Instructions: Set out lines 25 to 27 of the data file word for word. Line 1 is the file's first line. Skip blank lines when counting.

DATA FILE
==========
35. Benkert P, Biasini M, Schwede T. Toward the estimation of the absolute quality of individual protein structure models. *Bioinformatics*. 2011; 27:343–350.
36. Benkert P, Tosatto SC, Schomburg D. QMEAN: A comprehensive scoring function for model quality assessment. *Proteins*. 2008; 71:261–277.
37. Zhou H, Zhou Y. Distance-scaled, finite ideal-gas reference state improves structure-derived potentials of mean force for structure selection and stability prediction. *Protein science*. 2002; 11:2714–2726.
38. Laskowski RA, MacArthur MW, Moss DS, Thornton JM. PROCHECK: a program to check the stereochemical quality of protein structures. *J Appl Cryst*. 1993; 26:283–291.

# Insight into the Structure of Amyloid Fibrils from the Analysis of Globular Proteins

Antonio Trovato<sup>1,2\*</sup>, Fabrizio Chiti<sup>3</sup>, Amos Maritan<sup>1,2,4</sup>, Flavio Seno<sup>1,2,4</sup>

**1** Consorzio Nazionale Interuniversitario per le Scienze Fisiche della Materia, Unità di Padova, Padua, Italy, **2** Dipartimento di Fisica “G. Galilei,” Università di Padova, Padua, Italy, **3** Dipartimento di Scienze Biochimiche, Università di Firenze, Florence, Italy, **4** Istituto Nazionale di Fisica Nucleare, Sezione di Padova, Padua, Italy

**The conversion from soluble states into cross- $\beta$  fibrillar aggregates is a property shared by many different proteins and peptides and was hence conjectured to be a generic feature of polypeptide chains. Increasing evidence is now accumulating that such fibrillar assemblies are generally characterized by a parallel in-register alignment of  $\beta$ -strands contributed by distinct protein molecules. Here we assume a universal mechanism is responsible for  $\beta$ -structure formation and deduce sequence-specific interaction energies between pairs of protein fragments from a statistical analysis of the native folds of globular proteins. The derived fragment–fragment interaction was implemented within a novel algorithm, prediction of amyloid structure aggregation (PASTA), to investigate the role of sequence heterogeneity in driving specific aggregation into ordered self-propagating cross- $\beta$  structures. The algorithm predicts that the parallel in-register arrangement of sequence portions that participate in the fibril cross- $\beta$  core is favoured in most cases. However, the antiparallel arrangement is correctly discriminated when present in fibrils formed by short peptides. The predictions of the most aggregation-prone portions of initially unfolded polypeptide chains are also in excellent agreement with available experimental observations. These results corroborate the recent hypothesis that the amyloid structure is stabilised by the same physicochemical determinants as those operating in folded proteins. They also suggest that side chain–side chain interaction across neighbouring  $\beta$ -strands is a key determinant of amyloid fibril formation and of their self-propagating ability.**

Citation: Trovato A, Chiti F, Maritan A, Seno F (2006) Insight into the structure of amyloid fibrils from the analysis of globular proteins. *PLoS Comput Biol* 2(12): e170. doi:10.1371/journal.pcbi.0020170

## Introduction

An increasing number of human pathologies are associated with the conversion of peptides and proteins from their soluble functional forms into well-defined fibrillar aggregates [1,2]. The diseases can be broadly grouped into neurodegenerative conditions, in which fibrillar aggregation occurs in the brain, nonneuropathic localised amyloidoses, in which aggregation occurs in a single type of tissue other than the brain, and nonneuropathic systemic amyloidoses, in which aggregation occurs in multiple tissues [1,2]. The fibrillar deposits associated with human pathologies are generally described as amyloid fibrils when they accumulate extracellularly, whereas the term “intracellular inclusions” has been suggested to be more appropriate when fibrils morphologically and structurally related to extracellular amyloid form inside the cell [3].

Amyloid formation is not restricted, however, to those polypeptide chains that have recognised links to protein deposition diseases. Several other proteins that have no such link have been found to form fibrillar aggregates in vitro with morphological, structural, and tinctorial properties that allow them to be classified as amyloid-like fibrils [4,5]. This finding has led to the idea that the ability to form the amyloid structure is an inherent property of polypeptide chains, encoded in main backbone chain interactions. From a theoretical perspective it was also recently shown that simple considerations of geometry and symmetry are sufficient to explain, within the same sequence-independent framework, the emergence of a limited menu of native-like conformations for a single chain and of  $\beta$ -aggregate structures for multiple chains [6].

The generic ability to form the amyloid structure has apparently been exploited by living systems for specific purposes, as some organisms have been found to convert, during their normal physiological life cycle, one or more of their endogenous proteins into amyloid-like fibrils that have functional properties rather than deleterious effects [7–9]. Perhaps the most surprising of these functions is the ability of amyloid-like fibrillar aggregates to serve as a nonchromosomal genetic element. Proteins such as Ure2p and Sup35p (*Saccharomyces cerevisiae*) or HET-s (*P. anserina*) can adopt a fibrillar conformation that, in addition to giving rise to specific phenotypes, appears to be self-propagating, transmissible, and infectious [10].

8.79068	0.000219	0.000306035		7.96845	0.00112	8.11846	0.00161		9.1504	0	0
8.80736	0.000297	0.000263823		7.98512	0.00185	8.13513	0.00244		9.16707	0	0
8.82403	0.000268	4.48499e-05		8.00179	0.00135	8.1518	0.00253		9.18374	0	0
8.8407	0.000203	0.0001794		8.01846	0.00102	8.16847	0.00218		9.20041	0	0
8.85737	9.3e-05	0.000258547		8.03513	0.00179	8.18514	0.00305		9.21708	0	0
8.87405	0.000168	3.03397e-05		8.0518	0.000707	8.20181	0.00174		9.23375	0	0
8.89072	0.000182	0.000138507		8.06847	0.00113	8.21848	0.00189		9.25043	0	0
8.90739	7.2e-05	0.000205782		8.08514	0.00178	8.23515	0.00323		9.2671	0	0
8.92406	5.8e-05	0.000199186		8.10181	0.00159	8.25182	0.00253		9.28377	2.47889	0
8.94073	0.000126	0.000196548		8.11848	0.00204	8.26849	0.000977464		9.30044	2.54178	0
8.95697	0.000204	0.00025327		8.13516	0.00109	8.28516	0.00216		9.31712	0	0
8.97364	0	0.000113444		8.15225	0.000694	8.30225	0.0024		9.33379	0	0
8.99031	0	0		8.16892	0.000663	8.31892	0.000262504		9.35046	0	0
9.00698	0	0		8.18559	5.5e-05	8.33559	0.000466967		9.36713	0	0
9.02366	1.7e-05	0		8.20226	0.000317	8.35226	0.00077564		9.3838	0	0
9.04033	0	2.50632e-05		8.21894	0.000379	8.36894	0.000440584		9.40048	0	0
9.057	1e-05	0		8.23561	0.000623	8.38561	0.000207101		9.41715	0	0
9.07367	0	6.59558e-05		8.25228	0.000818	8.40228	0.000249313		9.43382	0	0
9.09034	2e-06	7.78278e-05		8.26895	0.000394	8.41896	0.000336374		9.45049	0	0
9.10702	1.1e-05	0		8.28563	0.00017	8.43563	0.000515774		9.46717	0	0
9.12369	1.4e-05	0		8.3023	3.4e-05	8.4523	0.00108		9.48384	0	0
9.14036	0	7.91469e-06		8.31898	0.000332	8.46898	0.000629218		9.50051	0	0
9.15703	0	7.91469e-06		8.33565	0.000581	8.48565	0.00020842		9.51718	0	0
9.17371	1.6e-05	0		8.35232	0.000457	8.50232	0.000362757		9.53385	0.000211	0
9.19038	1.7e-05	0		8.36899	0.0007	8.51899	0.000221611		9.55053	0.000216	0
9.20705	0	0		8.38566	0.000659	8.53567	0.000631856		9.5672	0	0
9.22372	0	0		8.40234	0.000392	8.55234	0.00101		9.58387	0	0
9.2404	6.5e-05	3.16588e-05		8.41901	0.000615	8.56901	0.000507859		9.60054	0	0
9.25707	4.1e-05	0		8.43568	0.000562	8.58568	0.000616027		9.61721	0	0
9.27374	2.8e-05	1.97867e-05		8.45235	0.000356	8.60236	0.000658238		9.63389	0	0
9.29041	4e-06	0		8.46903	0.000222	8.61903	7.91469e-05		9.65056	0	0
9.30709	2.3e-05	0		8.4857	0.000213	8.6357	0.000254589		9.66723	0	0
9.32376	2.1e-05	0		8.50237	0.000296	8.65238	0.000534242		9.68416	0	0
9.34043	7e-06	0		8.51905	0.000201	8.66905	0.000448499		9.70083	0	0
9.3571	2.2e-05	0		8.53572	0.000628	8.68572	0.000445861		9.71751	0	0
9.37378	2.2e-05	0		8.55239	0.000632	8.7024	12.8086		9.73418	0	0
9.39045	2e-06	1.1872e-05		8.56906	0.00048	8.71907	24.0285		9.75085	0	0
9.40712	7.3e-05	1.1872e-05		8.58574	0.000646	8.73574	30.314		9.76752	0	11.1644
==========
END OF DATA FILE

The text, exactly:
8.97364	0	0.000113444		8.15225	0.000694	8.30225	0.0024		9.33379	0	0
8.99031	0	0		8.16892	0.000663	8.31892	0.000262504		9.35046	0	0
9.00698	0	0		8.18559	5.5e-05	8.33559	0.000466967		9.36713	0	0